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HTML Accessibility

HTML Accessibility

Always write HTML code with accessibility in mind!

Provide the user a good way to navigate and interact with your site. Make your HTML code as semantic as possible.

Semantic HTML

Semantic HTML means using correct HTML elements for their correct purpose as much as possible. Semantic elements are elements with a meaning; if you need a button, use the <button> element (and not a <div> element).


<button>Report an Error</button>
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<div>Report an Error</div>
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Semantic HTML gives context to screen readers, which read the contents of a page out loud.

With the button example in mind:

  • buttons have more suitable styling by default
  • a screen reader identifies it as a button
  • focusable
  • clickable

A button is also accessible for people relying on keyboard-only navigation; it can be clickable with both mouse and keys, and it can be tabbed between (using the tab key on the keyboard).

Examples of non-semantic elements: <div> and <span> - Tells nothing about its content.

Examples of semantic elements: <form>, <table>, and <article> - Clearly defines its content.

Headings Are Important

Headings are defined with the <h1> to <h6> tags:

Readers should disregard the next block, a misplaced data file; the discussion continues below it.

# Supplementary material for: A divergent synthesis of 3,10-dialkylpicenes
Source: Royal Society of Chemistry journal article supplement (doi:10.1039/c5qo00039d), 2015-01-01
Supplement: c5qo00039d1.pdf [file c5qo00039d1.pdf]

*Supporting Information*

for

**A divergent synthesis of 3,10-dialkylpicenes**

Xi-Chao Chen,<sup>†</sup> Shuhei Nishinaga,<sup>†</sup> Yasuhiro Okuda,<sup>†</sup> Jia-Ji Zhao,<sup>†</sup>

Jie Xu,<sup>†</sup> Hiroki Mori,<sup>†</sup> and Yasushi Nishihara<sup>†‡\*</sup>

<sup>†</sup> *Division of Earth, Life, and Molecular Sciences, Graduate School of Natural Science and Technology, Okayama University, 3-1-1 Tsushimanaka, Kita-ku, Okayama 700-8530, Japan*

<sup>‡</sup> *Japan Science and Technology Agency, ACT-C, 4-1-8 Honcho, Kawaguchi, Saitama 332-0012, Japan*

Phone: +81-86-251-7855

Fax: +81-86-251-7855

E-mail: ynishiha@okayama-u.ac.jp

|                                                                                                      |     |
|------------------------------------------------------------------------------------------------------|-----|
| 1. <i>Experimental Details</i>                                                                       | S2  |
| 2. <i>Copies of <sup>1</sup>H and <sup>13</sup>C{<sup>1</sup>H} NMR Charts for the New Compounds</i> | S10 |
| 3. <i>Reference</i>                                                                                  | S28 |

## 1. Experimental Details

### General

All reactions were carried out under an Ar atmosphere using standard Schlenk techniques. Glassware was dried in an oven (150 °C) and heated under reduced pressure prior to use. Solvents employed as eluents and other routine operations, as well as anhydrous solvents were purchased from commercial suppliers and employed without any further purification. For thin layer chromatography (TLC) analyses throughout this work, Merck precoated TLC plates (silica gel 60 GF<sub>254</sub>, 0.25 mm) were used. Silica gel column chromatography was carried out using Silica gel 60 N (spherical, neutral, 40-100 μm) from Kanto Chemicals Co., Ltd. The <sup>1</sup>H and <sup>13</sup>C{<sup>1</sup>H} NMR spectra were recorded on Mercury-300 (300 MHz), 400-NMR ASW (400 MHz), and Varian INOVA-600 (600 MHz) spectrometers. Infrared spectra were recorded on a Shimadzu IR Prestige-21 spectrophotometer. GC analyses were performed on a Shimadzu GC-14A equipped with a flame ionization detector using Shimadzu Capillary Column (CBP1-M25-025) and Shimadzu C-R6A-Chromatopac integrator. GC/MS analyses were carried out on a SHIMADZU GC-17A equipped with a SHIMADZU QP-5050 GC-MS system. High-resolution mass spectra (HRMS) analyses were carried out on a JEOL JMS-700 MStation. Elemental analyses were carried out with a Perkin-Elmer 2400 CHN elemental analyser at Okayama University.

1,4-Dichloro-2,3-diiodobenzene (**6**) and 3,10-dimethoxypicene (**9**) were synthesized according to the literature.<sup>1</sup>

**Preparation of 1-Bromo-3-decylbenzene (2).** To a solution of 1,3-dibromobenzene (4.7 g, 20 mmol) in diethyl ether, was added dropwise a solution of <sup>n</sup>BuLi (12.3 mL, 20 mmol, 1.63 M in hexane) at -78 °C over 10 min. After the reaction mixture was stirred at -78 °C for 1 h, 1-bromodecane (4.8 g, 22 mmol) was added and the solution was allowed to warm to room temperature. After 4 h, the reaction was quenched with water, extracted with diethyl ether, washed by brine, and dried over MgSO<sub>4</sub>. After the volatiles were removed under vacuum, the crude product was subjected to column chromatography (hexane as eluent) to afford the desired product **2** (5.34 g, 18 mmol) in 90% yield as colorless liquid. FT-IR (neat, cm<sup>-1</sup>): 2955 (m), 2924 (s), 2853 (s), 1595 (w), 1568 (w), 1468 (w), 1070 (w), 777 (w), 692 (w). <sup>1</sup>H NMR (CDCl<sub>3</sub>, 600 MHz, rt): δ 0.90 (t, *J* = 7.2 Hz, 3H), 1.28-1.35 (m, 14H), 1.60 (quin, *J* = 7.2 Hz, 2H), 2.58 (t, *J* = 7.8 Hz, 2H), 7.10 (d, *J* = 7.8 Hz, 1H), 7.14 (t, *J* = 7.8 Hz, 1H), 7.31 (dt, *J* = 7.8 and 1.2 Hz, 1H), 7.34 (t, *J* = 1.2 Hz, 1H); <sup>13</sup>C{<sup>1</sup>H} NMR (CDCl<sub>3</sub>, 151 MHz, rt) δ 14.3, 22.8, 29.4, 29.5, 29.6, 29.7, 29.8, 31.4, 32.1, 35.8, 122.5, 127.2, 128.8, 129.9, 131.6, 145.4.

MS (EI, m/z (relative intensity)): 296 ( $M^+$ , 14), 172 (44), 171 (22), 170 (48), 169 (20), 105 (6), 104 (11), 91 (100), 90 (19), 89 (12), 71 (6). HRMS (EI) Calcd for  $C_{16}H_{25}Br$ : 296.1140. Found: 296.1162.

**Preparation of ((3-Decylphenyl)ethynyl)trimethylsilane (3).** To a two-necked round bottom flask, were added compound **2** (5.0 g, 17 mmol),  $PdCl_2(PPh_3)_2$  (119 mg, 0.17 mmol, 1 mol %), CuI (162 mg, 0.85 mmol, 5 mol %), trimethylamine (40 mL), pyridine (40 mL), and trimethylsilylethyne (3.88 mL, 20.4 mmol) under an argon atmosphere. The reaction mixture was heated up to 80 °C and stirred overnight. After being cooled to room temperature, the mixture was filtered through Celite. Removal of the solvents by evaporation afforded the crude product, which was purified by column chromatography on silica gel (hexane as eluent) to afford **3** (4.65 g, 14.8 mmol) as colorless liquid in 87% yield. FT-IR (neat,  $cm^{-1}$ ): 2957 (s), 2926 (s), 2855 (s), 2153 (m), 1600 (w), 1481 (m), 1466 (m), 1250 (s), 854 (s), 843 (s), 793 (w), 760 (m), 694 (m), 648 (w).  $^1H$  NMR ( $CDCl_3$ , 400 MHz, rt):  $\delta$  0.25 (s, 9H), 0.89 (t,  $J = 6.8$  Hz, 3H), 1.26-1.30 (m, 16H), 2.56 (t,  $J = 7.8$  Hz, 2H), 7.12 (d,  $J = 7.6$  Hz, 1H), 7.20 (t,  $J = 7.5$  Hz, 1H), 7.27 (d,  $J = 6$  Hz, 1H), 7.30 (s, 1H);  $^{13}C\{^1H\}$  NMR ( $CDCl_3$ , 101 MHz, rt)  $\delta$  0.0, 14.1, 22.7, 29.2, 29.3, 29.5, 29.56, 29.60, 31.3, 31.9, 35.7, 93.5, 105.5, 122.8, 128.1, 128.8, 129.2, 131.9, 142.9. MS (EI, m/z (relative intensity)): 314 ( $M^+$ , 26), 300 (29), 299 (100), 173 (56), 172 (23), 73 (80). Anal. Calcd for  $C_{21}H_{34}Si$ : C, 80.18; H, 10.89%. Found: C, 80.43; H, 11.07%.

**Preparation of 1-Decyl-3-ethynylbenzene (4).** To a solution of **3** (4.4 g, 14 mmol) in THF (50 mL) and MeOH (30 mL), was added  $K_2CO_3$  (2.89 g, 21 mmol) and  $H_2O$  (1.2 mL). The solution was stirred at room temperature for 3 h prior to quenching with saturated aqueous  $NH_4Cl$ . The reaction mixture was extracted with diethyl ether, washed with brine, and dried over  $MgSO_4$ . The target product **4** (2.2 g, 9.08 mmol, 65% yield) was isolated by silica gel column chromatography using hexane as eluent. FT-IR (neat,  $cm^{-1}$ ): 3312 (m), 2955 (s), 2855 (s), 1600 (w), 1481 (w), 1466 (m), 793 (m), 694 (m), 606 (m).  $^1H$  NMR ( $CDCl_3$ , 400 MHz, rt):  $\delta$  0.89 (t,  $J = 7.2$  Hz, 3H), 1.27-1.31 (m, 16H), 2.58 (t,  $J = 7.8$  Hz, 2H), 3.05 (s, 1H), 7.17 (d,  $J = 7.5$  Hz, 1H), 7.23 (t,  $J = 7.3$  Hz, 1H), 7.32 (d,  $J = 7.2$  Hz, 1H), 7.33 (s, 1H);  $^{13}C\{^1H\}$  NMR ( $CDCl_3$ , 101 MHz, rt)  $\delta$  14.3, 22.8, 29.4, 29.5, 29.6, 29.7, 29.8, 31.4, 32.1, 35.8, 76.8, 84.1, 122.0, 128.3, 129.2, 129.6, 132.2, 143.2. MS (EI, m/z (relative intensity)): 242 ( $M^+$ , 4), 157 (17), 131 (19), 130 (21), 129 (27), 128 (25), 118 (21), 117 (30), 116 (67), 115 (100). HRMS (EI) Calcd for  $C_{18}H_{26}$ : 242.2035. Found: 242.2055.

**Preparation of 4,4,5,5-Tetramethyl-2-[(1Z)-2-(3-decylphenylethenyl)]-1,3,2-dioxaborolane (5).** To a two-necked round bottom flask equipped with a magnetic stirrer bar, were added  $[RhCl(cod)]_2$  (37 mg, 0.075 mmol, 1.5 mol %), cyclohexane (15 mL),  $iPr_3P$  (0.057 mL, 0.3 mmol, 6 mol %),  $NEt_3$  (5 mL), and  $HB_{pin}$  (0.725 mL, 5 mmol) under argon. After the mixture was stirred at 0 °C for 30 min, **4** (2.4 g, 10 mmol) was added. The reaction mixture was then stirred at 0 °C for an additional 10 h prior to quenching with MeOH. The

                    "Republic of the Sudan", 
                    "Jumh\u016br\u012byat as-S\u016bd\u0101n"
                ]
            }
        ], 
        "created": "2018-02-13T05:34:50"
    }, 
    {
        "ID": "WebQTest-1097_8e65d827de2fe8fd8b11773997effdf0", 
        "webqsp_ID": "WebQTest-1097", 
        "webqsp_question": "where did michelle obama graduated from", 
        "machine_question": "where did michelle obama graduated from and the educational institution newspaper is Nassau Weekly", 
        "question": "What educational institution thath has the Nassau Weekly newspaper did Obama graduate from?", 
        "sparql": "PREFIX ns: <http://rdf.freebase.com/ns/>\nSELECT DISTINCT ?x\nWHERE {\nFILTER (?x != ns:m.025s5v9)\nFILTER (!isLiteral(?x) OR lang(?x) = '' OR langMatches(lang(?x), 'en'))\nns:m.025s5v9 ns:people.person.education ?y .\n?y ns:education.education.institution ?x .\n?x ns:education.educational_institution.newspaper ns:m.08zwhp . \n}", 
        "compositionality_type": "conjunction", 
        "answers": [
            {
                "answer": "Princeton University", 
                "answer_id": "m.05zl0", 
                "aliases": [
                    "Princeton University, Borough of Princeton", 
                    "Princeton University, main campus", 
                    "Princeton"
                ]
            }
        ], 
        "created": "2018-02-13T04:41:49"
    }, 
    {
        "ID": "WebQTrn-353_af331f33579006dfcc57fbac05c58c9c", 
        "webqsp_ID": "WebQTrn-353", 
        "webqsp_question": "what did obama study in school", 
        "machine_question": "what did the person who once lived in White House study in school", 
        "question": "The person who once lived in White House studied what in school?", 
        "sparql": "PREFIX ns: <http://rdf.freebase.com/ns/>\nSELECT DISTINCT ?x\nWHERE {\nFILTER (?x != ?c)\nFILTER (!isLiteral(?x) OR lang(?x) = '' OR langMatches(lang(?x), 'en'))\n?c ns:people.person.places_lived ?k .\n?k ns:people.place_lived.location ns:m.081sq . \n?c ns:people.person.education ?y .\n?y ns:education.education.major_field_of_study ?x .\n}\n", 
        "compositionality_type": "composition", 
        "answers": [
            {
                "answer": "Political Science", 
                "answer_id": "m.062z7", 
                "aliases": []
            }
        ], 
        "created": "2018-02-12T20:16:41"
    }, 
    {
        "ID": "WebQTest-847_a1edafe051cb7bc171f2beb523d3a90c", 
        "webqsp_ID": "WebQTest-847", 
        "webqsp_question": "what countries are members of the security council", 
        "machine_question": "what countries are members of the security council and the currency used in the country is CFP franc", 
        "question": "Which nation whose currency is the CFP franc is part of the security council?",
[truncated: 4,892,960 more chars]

<h1>Heading 1</h1>
<h2>Heading 2</h2>
<h3>Heading 3</h3>
<h4>Heading 4</h4>
<h5>Heading 5</h5>
<h6>Heading 6</h6>
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Search engines use the headings to index the structure and content of your web pages.

Users skim your pages by its headings. It is important to use headings to show the document structure and the relationships between different sections.

Screen readers also use headings as a navigational tool. The different types of heading specify the outline of the page. <h1> headings should be used for main headings, followed by <h2> headings, then the less important <h3>, and so on.

Note: Use HTML headings for headings only. Don't use headings to make text BIG or bold.

Alternative Text

The alt attribute provides an alternate text for an image, if the user for some reason cannot view it (because of slow connection, an error in the src attribute, or if the user uses a screen reader).

The value of the alt attribute should describe the image:


<img src="img_chania.jpg" alt="A narrow city street with flowers in Chania">
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If a browser cannot find an image, it will display the value of the alt attribute:


<img src="wrongname.gif" alt="A narrow city street with flowers in Chania">
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Declare the Language

You should always include the lang attribute inside the <html> tag, to declare the language of the Web page. This is meant to assist search engines and browsers.

The following example specifies English as the language:

<!DOCTYPE html>
<html lang="en">



Use Clear Language

Always use a clear language, that is easy to understand. Also try to avoid characters that cannot be read clearly by a screen reader. For example:

  • Keep sentences as short as possible
  • Avoid dashes. Instead of writing 1-3, write 1 to 3
  • Avoid abbreviations. Instead of writing Feb, write February
  • Avoid slang words

Create Good Link Text

A link text should explain clearly what information the reader will get by clicking on that link.

Examples of good and bad links:

Note: This page is an introduction in web accessibility. Visit our Accessibility Tutorial for more details.